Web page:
As far back as the 5th century BC, the Greek physician Hippocrates wrote about the use of a bitter powder extracted from willow bark that reduced fevers and eased aches and pains. Native Americans also used an infusion of willow bark for similar purposes. What was this remarkable “healing” principle within the bark that relieved disease?
Known as salicylic acid (from the Latin salix, willow tree), this pain-killing compound is widely distributed throughout plants, where it functions as a hormone. The more vegetables and fruits you consume, the more likely you are to have a physiologically significant concentration of salicylic acid in your blood. This is why, for instance, vegans and vegetarians generally have higher levels than most grain- and meat-based consumers.
The chemical acetyl-salicylic acid, commonly known as aspirin, is a synthetic form of salicylic acid, a compound which is formed when salicin, a bitter compound naturally found within plants like white willow bark, is broken down within the human body. Salicylic acid can also be synthesized endogenously from benzoic acid, and its urinary metabolite, salicyluric acid, has been found to overlap levels in patients on low-dose aspirin regimens. Cell research indicates that salicylic acid compounds (known as salicyclates) actually compare surprisingly well to aspirin in reducing inflammatory activity.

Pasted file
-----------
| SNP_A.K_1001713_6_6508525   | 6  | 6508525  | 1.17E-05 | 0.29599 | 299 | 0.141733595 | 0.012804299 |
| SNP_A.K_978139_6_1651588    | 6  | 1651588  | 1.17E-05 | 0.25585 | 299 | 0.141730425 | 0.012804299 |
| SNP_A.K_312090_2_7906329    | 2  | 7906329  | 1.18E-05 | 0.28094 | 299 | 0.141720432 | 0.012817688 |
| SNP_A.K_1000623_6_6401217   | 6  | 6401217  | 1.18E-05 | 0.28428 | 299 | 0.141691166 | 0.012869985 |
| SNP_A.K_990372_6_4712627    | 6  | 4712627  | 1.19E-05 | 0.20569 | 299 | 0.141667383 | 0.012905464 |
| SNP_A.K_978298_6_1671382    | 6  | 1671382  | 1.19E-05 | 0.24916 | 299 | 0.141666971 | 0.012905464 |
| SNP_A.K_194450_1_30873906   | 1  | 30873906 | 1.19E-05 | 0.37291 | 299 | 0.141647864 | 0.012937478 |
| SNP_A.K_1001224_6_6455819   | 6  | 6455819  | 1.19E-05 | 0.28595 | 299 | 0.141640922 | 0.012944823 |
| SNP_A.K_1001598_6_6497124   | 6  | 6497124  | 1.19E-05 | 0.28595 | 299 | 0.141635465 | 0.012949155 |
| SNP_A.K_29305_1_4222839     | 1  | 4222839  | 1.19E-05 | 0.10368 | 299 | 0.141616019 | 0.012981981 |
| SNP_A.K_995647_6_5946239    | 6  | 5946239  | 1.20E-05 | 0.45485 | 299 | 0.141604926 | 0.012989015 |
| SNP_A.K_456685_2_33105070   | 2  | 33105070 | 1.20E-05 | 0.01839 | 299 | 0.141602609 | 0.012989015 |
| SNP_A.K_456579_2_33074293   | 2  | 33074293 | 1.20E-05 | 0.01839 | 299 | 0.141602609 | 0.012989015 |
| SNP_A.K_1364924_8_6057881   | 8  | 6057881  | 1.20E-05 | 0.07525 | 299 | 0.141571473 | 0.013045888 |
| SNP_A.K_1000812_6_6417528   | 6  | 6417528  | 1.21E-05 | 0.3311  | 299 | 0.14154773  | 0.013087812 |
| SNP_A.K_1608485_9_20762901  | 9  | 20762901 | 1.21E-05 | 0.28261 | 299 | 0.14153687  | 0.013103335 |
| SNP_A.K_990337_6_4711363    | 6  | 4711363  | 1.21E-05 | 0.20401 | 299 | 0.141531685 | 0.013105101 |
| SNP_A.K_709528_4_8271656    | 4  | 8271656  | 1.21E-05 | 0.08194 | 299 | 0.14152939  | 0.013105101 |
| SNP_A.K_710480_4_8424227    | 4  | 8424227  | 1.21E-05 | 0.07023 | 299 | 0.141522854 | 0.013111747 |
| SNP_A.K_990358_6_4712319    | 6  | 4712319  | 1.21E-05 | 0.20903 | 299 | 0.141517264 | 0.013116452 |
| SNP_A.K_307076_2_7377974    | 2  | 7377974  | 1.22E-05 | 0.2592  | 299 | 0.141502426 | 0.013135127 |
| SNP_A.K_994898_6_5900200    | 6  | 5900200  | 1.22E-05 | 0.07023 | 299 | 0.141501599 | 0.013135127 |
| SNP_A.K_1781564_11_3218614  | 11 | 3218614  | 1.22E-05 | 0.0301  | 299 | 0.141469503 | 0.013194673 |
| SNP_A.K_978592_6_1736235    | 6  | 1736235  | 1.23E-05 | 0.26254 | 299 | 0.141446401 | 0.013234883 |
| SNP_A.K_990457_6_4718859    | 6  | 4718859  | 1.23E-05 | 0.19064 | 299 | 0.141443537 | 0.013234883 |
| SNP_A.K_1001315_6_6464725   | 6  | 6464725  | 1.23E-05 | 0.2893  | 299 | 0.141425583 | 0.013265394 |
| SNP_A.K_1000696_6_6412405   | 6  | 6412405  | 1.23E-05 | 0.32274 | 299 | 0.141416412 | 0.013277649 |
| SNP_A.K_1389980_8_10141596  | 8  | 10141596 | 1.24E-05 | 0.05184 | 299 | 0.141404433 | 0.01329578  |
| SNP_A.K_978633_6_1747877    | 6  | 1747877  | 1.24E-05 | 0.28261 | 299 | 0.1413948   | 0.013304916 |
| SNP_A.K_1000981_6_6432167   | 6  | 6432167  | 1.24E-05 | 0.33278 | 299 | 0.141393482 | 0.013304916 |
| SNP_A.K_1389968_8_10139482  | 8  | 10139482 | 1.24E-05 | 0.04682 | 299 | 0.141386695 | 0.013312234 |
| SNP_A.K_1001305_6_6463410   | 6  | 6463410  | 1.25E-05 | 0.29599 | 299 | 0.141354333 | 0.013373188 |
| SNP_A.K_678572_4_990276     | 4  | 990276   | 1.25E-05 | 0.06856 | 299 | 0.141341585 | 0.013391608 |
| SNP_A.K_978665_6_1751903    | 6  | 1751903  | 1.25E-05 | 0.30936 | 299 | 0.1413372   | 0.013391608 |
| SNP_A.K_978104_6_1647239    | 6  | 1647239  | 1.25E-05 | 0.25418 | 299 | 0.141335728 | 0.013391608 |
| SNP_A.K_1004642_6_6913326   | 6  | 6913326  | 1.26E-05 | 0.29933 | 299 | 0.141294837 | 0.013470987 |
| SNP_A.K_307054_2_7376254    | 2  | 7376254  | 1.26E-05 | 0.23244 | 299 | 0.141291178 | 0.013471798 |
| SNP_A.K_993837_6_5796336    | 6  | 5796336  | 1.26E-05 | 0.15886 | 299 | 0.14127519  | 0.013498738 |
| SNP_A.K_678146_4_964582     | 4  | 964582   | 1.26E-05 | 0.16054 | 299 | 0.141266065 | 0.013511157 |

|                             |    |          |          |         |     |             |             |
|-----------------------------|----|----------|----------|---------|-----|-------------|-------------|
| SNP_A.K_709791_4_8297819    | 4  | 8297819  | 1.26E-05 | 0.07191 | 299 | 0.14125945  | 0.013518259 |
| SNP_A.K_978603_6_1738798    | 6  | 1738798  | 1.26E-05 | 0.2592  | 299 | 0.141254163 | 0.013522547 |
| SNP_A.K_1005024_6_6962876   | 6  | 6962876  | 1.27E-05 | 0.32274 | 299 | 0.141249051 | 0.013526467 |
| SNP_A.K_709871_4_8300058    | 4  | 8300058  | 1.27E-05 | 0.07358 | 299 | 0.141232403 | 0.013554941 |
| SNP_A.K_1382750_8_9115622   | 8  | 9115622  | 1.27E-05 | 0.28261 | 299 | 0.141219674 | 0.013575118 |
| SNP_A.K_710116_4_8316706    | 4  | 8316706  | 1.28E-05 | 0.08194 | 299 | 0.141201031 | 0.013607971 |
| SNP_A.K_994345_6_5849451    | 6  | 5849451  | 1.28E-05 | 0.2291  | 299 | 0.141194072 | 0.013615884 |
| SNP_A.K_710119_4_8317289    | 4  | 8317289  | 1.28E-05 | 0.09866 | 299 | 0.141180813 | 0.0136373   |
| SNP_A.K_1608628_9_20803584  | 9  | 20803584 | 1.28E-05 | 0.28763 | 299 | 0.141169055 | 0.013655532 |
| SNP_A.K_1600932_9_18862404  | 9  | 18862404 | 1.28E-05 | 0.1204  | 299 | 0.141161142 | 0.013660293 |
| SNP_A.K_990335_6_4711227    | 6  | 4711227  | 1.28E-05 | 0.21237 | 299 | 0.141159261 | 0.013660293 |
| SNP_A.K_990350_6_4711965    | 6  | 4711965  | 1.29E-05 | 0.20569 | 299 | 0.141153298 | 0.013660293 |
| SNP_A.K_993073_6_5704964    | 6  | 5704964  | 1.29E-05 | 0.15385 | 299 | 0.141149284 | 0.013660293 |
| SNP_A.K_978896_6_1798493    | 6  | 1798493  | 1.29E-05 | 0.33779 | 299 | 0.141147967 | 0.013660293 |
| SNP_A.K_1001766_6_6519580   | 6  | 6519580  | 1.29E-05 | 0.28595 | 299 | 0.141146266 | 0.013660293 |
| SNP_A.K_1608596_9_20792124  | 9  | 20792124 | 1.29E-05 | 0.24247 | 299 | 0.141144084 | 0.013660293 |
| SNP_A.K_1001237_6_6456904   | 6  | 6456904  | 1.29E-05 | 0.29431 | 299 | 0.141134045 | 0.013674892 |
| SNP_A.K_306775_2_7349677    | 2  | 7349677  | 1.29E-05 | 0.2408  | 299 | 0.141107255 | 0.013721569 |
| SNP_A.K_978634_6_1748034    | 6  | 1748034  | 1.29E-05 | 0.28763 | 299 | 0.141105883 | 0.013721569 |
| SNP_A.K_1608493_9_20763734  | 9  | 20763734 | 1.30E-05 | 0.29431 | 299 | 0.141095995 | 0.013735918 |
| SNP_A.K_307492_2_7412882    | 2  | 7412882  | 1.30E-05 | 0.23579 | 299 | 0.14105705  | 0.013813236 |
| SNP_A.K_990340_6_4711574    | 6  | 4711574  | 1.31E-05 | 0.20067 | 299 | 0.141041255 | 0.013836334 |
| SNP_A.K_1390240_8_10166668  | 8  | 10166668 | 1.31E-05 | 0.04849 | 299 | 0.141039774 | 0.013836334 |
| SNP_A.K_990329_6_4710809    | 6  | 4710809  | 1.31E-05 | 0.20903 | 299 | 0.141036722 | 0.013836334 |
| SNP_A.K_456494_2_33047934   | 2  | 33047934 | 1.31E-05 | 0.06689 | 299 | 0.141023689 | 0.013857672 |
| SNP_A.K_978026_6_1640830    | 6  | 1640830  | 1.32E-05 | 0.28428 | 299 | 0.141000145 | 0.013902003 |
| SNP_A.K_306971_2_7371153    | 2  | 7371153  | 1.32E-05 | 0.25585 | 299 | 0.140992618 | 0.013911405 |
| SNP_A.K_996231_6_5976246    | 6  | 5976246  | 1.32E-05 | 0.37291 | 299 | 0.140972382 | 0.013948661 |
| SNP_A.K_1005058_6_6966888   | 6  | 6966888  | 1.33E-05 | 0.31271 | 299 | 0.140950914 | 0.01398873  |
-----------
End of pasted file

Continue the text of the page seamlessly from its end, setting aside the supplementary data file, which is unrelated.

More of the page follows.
While salicylic acid is found naturally in plants as salicylates, acetyl-salicylic acid does not exist in nature, is not formed as byproduct of natural salicylate consumption, and is produced only through industrial synthesis. For example, this is one method of synthesis:
Acetylsalicylic acid is prepared by reacting acetic anhydride with salicylic acid at a temperature of <90 deg C either in a solvent (e.g., acetic acid or aromatic, acyclic, or chlorinated hydrocarbons) or by the addition of catalysts such as acids or tertiary amines.
Also, the chemical modification of natural salicylic acid with an acetyl group results in the acetylation of hemoglobin, essentially chemically altering the natural structure-function of our red blood cells and subsequent hemodynamics. In essence, aspirin, a semi-synthetic compound, makes the blood tissue itself semi-synthetic.